Government takes action on old growth, protects 54 groves with iconic trees

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The B.C. government is protecting some of the province’s largest trees as the first step in a new approach to old-growth management.

“This province is fortunate to have trees that have been standing in place for hundreds of years – some for more than a thousand,” said Doug Donaldson, Minister of Forests, Lands, Natural Resource Operations and Rural Development. “We want to protect these majestic giants so today’s families and future generations can enjoy them, just like our parents and grandparents did.”

Donaldson made the announcement at Francis/King Regional Park, beside some of the largest Douglas fir trees in the Capital Regional District — trees that are already protected as part of the park.

Under a Forest Act protection measure, 54 known big trees from the Big Tree Registry at the University of British Columbia that could have been harvested will now remain standing. There are 347 trees within the registry, and the 54 trees meet the criteria for being protected as big trees. Further opportunities to add to this list will be made available as additional trees are identified and verified.

“We are protecting 54 exceptionally large and old trees, each surrounded by a one-hectare grove to act as a buffer zone,” said Donaldson. “These trees represent an important part of B.C.’s natural heritage, and British Columbians have said they want them preserved. What we are announcing today is the start of a broader conversation about the future of old-growth management in this province.”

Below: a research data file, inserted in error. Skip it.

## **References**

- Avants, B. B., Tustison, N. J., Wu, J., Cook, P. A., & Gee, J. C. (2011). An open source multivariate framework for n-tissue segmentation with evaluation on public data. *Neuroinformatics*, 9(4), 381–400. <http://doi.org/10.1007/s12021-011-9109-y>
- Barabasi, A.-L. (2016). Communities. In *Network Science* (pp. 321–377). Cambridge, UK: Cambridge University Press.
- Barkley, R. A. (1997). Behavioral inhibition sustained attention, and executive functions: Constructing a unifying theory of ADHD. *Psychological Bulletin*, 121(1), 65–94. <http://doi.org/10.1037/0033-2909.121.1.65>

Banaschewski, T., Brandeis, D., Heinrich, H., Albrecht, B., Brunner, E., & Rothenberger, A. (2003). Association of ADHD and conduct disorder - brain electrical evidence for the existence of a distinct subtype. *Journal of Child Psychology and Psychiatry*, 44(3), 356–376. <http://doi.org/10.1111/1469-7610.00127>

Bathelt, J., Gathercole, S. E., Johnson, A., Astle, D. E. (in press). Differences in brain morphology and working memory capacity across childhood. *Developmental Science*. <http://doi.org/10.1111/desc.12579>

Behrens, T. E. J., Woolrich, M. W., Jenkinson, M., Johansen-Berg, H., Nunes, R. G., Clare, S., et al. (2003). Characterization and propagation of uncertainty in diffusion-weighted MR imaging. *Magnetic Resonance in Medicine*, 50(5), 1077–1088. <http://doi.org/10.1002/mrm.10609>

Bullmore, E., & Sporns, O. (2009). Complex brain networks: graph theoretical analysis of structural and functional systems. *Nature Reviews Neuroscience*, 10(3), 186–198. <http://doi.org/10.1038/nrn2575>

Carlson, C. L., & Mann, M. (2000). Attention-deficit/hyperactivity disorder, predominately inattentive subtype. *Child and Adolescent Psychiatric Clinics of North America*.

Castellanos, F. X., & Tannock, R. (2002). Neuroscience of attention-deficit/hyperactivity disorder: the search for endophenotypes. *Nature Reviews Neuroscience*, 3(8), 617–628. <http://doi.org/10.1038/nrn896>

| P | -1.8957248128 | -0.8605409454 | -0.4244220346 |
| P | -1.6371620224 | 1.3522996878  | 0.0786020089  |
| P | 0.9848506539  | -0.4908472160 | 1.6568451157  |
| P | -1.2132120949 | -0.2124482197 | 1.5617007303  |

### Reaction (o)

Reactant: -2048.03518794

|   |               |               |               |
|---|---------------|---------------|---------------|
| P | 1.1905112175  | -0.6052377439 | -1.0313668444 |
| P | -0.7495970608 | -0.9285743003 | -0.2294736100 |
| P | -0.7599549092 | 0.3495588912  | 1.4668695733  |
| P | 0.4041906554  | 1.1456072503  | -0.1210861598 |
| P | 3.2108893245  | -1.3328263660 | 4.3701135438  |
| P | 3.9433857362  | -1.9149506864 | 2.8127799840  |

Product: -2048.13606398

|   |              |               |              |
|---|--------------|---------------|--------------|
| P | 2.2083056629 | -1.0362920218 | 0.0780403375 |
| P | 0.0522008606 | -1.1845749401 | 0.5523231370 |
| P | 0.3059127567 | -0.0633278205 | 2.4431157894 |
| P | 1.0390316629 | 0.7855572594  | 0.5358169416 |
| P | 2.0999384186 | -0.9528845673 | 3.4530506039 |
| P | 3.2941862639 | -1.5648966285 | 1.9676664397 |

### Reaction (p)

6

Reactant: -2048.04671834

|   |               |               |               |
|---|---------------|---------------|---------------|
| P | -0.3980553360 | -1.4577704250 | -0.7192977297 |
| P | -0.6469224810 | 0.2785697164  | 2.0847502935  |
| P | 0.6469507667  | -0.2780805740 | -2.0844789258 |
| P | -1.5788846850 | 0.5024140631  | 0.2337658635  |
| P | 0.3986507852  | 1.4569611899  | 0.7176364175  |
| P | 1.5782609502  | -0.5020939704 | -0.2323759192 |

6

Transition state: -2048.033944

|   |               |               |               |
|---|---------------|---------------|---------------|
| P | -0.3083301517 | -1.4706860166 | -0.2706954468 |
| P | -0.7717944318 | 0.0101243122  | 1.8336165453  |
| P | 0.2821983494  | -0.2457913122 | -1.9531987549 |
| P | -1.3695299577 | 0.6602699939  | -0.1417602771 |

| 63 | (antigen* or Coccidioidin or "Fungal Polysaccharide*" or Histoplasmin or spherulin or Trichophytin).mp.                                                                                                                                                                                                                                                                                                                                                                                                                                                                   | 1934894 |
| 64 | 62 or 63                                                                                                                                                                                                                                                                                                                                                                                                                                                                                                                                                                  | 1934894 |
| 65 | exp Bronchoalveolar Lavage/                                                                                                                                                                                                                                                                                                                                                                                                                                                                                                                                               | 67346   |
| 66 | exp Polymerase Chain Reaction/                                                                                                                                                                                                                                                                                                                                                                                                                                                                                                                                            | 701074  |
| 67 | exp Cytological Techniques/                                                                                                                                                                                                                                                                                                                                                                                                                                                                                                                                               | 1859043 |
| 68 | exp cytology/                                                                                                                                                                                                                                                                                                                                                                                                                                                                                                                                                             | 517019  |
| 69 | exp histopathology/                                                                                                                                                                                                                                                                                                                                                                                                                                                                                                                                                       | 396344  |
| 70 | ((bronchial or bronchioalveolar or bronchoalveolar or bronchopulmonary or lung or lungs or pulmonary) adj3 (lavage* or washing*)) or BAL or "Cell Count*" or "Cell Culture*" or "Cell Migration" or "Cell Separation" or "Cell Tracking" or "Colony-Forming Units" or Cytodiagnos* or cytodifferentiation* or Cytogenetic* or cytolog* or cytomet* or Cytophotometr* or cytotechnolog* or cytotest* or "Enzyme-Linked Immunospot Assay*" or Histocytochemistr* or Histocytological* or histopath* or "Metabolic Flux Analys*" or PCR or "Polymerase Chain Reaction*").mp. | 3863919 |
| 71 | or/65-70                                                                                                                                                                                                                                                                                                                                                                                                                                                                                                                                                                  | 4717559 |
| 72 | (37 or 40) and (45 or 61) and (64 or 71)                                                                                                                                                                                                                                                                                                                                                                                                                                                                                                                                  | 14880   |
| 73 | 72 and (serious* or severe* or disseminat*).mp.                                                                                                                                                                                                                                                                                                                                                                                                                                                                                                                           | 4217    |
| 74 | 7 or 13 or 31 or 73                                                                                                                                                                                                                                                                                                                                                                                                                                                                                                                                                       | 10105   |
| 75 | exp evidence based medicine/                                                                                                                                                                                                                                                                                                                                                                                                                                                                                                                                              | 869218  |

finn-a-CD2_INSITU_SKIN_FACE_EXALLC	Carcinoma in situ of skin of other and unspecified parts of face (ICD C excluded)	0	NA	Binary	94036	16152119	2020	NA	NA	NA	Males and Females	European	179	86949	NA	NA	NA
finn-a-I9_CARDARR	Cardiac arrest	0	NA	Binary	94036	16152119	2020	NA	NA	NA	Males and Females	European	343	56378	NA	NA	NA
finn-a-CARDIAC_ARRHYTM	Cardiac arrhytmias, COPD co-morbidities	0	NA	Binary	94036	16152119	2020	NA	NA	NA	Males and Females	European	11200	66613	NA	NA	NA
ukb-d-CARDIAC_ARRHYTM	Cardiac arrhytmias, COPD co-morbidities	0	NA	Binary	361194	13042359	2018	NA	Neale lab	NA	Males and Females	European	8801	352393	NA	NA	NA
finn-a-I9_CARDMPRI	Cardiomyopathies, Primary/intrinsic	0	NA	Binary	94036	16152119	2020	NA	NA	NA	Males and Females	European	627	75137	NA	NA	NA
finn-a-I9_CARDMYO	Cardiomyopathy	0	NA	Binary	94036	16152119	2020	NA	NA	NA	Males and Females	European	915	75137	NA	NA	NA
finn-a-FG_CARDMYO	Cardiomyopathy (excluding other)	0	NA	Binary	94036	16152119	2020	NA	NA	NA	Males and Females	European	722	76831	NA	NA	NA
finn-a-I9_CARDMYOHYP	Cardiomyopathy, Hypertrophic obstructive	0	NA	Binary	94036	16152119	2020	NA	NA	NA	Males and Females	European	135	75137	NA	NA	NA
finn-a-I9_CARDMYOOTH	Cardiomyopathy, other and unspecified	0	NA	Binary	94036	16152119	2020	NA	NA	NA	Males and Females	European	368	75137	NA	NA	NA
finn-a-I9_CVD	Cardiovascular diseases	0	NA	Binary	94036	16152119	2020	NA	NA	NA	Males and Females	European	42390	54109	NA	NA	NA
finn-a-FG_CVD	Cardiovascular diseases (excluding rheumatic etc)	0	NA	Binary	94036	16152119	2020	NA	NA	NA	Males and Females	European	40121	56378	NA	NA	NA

The old-growth plan will include permanent regulation changes to protect big trees. Beginning in fall 2019, an independent two-person panel will engage with First Nations, industry, stakeholders and communities on old-growth management.

Garry Merkel, a forester and natural resource expert, and member of the Tahltan Nation, and Al Gorley, a professional forester and former chair of the Forest Practices Board, will hear perspectives on the ecological, economic and cultural importance of old-growth trees and forests. They will report back to government in spring 2020 with recommendations that are expected to inform a new approach to old-growth management for British Columbia.

Currently, 55% of old-growth forests on Crown land in B.C.’s coastal region are already protected from logging.